Sunday, December 27, 2009

The Papa and the Baba

I have borne witness recently, friends, to what seems to be a recurring theme among those who are relatively new to observant Judaism attempting to marry those who come from more observant families: the guy and the girl are perfectly fine with each other, notwithstanding the difference in their backgrounds, but when it comes time for the Baal Teshuva to be accepted into the religious family, one of the parents is adamantly opposed to such objectionable seed sullying the purity of their clan. The saga usually ends with the family seeking the councel of a Rosh Yeshiva or Mekubal, and discovering that their concerns were well-founded, since the authority figure is usually also in opposition to such unions.

To me the whole thing smacks of a pre-Fiddler on the Roof era; for even in that film, in all three marriages neither the father nor the community had much say in the face of love. To most (unorthodox) Jews today this phenomenon seems quite arcane, yet it's still "מעשים בכל יום" in our religious community "עד עצם היום הזה".

Yet what if a great man, say a descendant of the Abuhassera lineage, ..or your Rosh Yeshiva, ...or the Rebbe of Lubavitch בכבודו ובעצמו, after having been approached by you with the question of whether or not to cave in to parental pressure to turn down a prospective match with whom you've already developed an emotional relationship, tells you to listen to your elders and back down. Would you heed and does it make sense to heed?

It seems to boil down to how much supernatural Divine Inspiration and knowledge, or lack thereof, we aspire to this person, and whether their insights into our lives are true. Yet those who would wish to ascribe such inspiration to these men would use as proof the precept in Avot which states "עשה לך רב והסתלק מן הספק". But this proof insn't entirely convincing, since that Mishna may just be discussing "מילי דשמיא" (heavenly matters), but not necessarily the idea that one must heed a spiritual authority for "מילי דארעא" (earthly matters).

In regard to the latter, which is the topic of discussion here, the concept of "Da'at Torah" must be referred to. You see, many today feel that it's obvious that you must heed the guidance of your Rav in all matters, but upon a critical analysis it can be determined that many are of the opinion that Daat Torah is a relatively recent phenomenon, created by the modern Haredi group as a reaction to modernity.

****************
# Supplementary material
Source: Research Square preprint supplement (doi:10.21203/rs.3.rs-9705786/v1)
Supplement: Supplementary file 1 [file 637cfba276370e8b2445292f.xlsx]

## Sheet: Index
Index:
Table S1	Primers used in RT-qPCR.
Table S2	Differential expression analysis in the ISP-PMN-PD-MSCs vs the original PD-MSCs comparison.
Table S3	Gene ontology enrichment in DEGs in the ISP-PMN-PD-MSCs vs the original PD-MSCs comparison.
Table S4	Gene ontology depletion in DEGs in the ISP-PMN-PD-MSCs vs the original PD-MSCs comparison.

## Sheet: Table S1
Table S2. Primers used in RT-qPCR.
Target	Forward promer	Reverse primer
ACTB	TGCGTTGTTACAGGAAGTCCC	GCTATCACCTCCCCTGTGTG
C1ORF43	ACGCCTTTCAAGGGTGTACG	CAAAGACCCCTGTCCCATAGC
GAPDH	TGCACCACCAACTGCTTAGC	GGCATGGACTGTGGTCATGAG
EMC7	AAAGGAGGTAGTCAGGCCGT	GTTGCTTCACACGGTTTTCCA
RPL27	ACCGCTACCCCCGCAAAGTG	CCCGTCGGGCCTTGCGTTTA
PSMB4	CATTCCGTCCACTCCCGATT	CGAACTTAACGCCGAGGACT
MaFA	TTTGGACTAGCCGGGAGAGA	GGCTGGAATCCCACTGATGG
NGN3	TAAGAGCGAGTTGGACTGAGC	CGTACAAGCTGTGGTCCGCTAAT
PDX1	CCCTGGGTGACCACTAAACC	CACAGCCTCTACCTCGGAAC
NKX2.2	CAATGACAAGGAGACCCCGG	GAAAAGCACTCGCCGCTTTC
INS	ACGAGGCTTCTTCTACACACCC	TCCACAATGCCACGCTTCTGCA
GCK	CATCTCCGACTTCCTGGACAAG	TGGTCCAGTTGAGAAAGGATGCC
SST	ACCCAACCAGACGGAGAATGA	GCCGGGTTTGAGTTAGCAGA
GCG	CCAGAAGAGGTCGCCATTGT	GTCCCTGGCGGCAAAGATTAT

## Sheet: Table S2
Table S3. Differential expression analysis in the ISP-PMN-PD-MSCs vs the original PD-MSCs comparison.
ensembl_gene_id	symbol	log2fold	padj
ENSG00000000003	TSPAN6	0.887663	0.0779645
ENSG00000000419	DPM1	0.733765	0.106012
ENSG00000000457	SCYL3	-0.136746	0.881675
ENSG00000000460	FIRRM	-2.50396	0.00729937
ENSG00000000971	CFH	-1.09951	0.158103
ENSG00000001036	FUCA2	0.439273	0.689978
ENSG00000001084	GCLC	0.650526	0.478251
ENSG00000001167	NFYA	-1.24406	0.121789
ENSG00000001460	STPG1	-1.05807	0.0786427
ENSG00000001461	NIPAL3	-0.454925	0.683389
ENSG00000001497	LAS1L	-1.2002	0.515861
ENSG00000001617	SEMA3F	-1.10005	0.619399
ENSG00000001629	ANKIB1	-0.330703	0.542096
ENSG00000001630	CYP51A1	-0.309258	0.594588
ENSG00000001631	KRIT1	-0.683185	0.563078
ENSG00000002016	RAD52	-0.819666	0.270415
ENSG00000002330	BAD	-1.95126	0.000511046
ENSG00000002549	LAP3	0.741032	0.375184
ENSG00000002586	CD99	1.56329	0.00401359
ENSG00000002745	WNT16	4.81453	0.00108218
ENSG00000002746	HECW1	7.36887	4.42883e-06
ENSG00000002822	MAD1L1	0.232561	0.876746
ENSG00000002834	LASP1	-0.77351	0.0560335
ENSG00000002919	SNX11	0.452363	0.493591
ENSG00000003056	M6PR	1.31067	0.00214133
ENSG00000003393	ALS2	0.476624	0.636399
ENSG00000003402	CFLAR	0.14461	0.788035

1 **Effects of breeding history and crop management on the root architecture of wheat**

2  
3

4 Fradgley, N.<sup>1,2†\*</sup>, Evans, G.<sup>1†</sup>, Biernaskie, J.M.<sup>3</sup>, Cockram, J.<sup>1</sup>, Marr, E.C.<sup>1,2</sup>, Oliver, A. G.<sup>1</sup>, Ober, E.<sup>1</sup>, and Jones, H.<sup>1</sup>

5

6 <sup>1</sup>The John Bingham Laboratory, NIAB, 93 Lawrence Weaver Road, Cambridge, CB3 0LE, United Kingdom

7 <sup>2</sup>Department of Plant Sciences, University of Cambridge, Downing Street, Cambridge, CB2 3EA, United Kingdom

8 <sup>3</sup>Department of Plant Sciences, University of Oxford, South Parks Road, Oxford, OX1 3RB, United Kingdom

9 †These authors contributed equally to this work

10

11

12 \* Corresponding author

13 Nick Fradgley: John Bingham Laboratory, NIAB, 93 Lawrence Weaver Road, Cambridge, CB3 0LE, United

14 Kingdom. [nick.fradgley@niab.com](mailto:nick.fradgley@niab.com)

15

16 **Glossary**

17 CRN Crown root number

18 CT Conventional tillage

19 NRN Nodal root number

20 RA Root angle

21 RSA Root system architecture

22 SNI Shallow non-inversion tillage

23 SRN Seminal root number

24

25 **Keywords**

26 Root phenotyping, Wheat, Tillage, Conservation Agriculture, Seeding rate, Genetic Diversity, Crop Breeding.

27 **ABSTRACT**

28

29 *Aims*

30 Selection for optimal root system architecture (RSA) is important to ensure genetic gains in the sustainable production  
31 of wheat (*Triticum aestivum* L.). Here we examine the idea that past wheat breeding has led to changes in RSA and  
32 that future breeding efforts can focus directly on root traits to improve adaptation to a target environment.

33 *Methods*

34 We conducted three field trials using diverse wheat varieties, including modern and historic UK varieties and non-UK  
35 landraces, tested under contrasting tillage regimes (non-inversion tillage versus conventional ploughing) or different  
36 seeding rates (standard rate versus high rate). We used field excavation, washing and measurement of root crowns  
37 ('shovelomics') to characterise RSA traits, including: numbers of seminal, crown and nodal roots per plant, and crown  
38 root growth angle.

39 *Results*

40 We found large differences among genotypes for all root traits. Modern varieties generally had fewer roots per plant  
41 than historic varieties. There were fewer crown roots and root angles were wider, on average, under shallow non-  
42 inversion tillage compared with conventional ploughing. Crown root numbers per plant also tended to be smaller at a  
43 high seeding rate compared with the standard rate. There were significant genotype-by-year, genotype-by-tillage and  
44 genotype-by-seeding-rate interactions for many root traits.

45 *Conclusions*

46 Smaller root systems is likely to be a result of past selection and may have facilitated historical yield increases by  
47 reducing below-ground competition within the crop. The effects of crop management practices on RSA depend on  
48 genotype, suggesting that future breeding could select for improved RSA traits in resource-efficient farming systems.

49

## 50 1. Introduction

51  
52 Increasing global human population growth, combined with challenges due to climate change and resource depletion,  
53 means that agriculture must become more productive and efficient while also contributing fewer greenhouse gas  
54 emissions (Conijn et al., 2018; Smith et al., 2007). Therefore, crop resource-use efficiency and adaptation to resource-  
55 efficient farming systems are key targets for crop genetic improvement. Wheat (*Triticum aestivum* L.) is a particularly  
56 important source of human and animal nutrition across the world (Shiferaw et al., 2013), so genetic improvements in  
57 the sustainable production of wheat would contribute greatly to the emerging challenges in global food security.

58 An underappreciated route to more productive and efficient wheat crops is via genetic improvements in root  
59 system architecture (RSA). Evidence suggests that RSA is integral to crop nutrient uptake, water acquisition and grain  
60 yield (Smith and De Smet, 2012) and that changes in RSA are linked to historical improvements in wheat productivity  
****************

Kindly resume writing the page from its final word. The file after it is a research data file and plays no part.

While that may be true for Ashkenazim though, it is well known that Moroccan Jews always approach their Mystics, the "Mekubal" or "Baba" for advice in temporal matters, and that advice was always heeded. Unfortunately though, I think it is to our shame that we not only brought this institution to Israel, but it became quite popular among religious and irreligious Sefaradim alike, evolved into "big business" and provided opportunity for charlatans. Not to suggest that most Mekubalim in Israel are charlatans, but it is not unheard of. So not only have we, as Moroccan Jews in Israel, not stamped out these false notions, we promulgated them like never before.

Anyway, I grew up on American imagery and conceptualization, where if a man and a woman are in love, they don't let anything get in the way ( in Fiddler on the Roof). Therefore to blindly trust Rabbinic authorities in these matters, is, in my opinion, not only somewhat foolish, but has no basis in Torah.

I wish to speak about this further in the future, in relation to how it affects the halachic process.


Menashe said...

Is ruach hakodesh also a recent phenomenon? The concept of a nasi byisroel having a more lucid spiritual view of the world is not a new one to all but a certain modern group.

Of course this is all given that this spiritual sense is the reason for the rejection and not the nonsense you cite. For that you need a true tzaddik.

הצעיר שלמה בן רפאל לבית שריקי ס"ט said...

Ha. I'm happy you commented with the opposite viewpoint, because, against my own wishes, I decided to write this in with a very one-sided viewpoint, since I realized that, in a discussion, it's helpful to take one side, and not to be overly honest, which only causes indecision and confusion. Which is how people argue in yeshivas, only seeing their own viewpointת since מתוך כך האמת יוצאת.